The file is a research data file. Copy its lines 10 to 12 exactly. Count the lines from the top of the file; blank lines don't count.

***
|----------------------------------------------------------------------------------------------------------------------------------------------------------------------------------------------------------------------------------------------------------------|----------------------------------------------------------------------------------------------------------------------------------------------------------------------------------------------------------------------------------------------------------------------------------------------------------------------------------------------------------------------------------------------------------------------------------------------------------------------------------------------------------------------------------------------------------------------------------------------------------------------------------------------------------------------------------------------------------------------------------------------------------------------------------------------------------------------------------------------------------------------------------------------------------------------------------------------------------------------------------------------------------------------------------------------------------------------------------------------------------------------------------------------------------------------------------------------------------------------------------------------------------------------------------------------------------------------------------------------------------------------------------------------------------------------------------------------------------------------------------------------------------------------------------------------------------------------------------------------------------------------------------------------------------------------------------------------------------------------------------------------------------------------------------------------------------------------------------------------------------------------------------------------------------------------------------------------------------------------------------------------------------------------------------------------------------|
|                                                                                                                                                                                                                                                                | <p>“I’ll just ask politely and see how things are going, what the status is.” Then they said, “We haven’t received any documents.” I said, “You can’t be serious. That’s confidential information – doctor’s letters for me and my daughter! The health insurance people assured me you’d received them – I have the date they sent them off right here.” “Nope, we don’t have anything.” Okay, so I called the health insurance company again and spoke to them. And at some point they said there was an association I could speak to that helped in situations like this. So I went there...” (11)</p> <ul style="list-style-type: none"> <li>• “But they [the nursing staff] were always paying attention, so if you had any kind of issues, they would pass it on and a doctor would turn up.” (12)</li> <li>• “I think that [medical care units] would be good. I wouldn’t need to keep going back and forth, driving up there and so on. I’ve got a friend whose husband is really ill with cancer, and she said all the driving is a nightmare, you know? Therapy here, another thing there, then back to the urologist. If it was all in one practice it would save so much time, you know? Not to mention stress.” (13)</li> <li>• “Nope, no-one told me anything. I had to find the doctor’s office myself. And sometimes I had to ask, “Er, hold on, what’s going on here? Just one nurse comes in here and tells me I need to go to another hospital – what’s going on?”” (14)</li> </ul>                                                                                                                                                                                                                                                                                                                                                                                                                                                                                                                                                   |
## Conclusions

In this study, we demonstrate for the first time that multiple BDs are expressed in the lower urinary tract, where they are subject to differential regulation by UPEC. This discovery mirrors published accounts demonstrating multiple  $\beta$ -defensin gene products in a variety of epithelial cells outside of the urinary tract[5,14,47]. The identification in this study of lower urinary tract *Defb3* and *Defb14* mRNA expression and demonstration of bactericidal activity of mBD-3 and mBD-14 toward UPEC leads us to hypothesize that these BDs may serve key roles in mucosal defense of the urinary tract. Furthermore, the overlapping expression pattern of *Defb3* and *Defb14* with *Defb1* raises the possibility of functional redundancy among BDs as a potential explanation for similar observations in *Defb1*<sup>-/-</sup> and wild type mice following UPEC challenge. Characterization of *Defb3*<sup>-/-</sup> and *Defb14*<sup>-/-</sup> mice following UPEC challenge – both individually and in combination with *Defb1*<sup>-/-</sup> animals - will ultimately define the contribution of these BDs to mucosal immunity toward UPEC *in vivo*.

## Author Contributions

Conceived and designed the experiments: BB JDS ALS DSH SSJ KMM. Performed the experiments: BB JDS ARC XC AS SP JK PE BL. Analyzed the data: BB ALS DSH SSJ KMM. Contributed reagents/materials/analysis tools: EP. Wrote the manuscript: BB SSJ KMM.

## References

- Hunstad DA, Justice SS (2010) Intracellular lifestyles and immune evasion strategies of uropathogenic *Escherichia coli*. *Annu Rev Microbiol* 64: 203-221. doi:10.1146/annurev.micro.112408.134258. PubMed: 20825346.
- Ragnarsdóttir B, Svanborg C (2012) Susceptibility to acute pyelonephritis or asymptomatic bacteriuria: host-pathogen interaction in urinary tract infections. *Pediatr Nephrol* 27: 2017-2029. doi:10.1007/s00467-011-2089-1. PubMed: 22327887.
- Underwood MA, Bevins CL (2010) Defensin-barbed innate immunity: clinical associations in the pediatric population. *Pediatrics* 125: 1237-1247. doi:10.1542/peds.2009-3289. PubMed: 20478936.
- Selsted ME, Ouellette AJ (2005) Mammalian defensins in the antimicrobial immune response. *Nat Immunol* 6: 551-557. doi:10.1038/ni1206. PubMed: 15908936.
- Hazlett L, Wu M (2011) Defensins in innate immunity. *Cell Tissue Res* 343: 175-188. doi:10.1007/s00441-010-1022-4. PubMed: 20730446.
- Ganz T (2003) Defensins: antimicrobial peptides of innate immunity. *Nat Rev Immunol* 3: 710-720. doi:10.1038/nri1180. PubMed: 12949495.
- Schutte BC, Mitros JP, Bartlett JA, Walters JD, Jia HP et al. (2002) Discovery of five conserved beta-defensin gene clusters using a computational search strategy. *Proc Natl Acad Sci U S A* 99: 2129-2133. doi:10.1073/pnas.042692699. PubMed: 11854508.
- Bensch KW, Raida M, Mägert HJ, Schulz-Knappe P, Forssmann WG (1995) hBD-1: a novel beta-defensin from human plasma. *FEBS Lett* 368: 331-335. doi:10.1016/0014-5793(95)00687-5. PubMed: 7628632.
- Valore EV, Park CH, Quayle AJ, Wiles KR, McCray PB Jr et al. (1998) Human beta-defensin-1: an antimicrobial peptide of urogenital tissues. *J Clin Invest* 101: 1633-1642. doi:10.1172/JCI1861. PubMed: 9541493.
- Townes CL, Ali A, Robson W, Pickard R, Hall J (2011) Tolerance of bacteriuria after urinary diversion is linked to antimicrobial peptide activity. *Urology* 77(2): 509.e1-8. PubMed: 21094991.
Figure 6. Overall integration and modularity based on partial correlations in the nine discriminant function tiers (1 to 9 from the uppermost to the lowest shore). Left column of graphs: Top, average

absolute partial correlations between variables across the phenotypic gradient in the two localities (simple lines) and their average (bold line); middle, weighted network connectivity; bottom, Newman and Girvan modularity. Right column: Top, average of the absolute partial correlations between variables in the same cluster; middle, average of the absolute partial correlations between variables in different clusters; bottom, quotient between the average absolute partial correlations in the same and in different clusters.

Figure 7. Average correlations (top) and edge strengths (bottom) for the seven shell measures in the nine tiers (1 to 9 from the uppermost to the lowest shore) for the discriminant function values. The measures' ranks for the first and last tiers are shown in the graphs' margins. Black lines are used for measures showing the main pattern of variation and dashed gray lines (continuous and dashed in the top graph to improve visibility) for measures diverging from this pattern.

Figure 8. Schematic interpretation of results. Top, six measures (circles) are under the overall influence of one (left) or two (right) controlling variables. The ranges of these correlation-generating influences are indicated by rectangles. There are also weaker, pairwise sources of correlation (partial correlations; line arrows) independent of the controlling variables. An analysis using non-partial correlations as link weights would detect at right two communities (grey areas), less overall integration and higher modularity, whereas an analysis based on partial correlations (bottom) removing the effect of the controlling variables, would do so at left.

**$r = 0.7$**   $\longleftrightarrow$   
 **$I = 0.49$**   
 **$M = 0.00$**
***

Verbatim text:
- Underwood MA, Bevins CL (2010) Defensin-barbed innate immunity: clinical associations in the pediatric population. *Pediatrics* 125: 1237-1247. doi:10.1542/peds.2009-3289. PubMed: 20478936.
- Selsted ME, Ouellette AJ (2005) Mammalian defensins in the antimicrobial immune response. *Nat Immunol* 6: 551-557. doi:10.1038/ni1206. PubMed: 15908936.
- Hazlett L, Wu M (2011) Defensins in innate immunity. *Cell Tissue Res* 343: 175-188. doi:10.1007/s00441-010-1022-4. PubMed: 20730446.